Emilia La Laconos
Dr Rosalie Stevens
Freda Evans fight for life with NZ’s health system.
John Ashton should be four years dead
Unfunded software under Emilia La Laconos skin helps save her life
Battling for patients to access unfunded medicines
Forced under the knife because medicine isn't funded
Mum with rare disease devastated by decision
Still waiting for EpiPen to be funded by PHARMAC
Freda Evans has been fighting the New Zealand health system for the last 30 years. Diagnosed with Pompe disease when she was 32 (a disease so rare she was the only one in New Zealand with it at the time) Freda has been fighting to access medication that is readily available in 60 other countries. The medicine progressively slows the debilitating effects of Pompe disease and shows many benefits for those of whom are struggling with this disease.
However this medicine still remains unfunded in New Zealand for adult sufferers of Pompe disease. Fortunately for Freda, she has been granted compassionate access to this medicine which has greatly improved her quality of life.
John Ashton was was a fit non-smoker who could run 10km in 35 minutes. By the time doctors worked out what was causing his chronic cough, John was riddled with tumours
Diagnosed with Lung cancer the prognosis was looking grim until with a bit of blind luck he came across breakthrough research trialling a new medicine.
The article he found was Australian research trialling a new medicine which targeted his particular mutation of lung cancer. His oncologist here didn't know it existed.
Four years on John is still here, still taking the new medicine and taking part in all the things with his family that he would have missed.
This medicine remains unfunded in New Zealand for lung cancer but is publicly funded for Australian patients.
At just seventeen months old, Emilia is one of the youngest New Zealanders living with type one diabetes. Her parents Vito and Jo found it extremely challenging trying to manage her disease. They barely slept, pricking blood from her toes on the hour, day and night, to check if her glucose levels were too high or low.
Revolutionary new technology is saving them. Under her skin, Emilia now has a sensor inserted. It reads her blood sugar level continuously and sends the data by Bluetooth to her parents’ phones. If her levels get too low, or too high, an alarm goes off.
But this comes at a cost as the new technology is not publicly funded in New Zealand (it costs the family $10,000 a year). In Australia, the technology is free for all type one diabetics aged under-21.
Dr Rosalie Stephens turns up to work these days with hope. Three years ago, the Auckland oncologist was delivering the devastating news to many advanced melanoma patients that they would be dead within a year. Today, she doesn’t have to put a time limit on their life.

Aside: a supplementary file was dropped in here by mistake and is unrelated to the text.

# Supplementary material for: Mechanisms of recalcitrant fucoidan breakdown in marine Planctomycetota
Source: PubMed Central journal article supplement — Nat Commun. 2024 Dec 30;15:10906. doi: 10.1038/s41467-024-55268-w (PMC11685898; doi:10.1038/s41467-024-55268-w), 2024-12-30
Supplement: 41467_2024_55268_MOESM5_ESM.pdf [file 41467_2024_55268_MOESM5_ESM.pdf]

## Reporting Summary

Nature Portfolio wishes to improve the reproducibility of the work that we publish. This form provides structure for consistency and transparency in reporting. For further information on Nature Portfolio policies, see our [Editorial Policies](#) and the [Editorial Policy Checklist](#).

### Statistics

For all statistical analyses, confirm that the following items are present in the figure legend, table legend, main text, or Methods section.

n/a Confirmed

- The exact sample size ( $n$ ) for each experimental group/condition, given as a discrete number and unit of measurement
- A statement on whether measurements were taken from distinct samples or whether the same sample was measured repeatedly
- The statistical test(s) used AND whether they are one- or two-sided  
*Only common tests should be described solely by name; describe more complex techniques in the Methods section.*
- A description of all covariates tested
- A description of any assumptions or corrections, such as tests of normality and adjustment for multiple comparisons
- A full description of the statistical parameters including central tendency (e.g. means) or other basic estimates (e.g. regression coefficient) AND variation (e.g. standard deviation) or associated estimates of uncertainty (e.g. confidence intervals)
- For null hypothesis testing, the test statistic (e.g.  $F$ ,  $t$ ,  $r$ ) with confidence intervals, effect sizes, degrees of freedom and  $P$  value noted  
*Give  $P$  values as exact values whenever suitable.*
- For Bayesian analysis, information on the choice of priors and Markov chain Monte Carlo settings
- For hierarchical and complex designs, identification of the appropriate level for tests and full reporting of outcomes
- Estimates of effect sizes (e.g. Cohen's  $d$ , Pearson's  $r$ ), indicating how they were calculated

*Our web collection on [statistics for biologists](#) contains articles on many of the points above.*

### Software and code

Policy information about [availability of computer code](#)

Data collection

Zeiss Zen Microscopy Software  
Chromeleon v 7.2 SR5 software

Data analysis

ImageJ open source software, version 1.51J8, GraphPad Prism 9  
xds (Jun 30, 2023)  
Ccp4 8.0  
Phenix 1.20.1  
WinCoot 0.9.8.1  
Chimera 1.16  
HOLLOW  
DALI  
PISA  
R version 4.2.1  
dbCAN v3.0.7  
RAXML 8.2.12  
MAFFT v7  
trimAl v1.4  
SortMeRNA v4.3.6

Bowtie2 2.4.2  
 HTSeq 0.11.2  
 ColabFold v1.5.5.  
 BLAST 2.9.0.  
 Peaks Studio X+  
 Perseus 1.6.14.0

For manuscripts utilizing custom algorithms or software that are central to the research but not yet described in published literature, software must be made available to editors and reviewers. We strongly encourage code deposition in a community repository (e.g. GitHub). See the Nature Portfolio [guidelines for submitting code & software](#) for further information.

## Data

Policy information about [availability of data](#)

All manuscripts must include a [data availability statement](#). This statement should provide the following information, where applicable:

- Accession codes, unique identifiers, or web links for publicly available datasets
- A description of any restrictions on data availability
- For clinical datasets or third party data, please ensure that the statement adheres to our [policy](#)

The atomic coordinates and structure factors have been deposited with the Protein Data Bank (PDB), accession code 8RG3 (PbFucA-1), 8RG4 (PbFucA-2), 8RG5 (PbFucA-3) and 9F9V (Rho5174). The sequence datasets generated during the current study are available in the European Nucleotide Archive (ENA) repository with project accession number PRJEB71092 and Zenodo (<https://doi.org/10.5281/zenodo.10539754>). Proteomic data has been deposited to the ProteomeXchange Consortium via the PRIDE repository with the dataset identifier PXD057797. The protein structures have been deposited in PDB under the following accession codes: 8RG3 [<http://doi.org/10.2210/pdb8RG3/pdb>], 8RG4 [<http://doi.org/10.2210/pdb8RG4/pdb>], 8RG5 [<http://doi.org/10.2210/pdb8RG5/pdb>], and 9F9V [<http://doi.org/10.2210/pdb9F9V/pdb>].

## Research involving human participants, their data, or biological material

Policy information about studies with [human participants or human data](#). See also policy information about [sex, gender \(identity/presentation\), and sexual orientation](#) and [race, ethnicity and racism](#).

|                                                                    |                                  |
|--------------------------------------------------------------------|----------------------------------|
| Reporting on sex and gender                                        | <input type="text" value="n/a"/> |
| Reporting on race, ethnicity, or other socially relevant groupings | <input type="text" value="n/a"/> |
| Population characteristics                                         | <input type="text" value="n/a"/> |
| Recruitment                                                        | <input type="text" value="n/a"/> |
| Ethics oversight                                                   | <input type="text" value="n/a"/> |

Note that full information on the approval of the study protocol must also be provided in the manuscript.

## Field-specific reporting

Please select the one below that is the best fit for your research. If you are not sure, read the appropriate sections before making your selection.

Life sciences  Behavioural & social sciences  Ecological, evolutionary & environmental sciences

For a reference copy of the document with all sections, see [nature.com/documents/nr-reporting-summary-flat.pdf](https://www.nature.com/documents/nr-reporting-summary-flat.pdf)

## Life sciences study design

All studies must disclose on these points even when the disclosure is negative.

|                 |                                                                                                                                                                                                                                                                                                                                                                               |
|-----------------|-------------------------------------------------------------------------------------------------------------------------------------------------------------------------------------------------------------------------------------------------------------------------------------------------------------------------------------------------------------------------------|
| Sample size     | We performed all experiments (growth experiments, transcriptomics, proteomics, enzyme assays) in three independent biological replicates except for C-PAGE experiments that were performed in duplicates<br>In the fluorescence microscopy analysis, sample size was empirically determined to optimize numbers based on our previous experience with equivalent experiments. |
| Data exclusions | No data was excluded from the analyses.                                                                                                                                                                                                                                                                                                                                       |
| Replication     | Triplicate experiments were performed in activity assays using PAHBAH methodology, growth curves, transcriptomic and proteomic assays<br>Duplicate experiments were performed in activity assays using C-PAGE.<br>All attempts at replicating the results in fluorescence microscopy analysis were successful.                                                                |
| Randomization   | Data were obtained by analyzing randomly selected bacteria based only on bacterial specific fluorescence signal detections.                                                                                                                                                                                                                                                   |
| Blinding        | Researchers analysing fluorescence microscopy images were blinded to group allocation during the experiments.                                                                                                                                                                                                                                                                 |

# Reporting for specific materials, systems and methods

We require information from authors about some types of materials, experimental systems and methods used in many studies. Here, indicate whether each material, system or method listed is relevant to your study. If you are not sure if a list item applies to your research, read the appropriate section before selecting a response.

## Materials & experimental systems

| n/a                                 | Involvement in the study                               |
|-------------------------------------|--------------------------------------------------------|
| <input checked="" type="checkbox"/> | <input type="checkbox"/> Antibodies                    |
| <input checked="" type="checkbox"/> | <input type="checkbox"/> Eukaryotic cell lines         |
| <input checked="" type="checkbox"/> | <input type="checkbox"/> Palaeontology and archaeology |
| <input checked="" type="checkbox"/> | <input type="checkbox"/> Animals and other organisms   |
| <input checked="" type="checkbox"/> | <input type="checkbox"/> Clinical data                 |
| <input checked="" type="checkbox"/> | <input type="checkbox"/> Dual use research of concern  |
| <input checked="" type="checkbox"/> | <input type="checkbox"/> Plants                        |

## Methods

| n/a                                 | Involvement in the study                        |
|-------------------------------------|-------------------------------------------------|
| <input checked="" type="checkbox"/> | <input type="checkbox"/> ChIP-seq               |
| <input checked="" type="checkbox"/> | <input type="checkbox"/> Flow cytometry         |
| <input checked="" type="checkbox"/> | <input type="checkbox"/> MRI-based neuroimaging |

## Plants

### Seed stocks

She decided to take a stand and become vocal about access to a new medicine that could save her patients lives.
Fortunately, after repetitively going up against the system the unfunded medicine is now publicly accessible for her patients with melanoma. Today, she estimates up to 100 people in Auckland alone are only alive because of the medicine.
However, she is still battling to get access to other medicines that are stuck in limbo. The priority medicines that wait for public funding that sit on the medicines waiting list.
25 year old Dana Smith was forced to have surgery as a drastic last resort after years of pain from Inflammatory Bowel Disease (IBD). Her disease restricted her ability to live a normal life and her body was suffering significantly.
Dana has had her colon removed, and now a bag collects her body's waste. She is having to adjust to life with a colostomy bag attached to her 24/7.
There was another option for Dana to treat and manage her IBD using a modern medicine. However it is not funded in New Zealand and she could not afford to pay for it out of her own pocket.
There are many other New Zealander's living with IBD - Chron's disease and ulcerative colitis who are waiting for medicines to be funded in order to avoid going under the knife.
Fiona Tolich was a sporty, healthy and active person - as a kid she played first XI cricket, hockey and football, and as an adult was a regualr gym-goer.
When she became pregnant at 30, her knees began to give way - she was diagnosed with spinal muscular atrophy (SMA).
SMA is a rare disease - in New Zealand between 75 and 100 people have it. However, the only treatment for SMA is not publicly funded in New Zealand, with the funding decision recently being deffered.
Without this medicine, patients with SMA, like Fiona, will deteriorate. Time is not on their side.
At 10 months old, Dylan Wright had his first anaphylaxis reaction. He was raced to hospital for a life-saving shot of adrenaline, and his parents went home with a device that would become his constant, crucial companion - an EpiPen.
However, the EpiPen costs up to $180, can only be used once, and expires after 12-18 months. The EpiPen has been on the medicines waiting list for over 14 years.
The alternative is a $1 glass vial of adrenaline, which is funded by Pharmac, but must be administered with a needle and syringe which is just not realistic in a medical emergency.
Dylan's mother Rebecca would like Pharmac to consider more than just cost. The EpiPen gives Dylan the freedom to go to school, play sports, and visit friends because she knows others can use it easily in an emergency. Life looks very different for families who can’t afford one at all.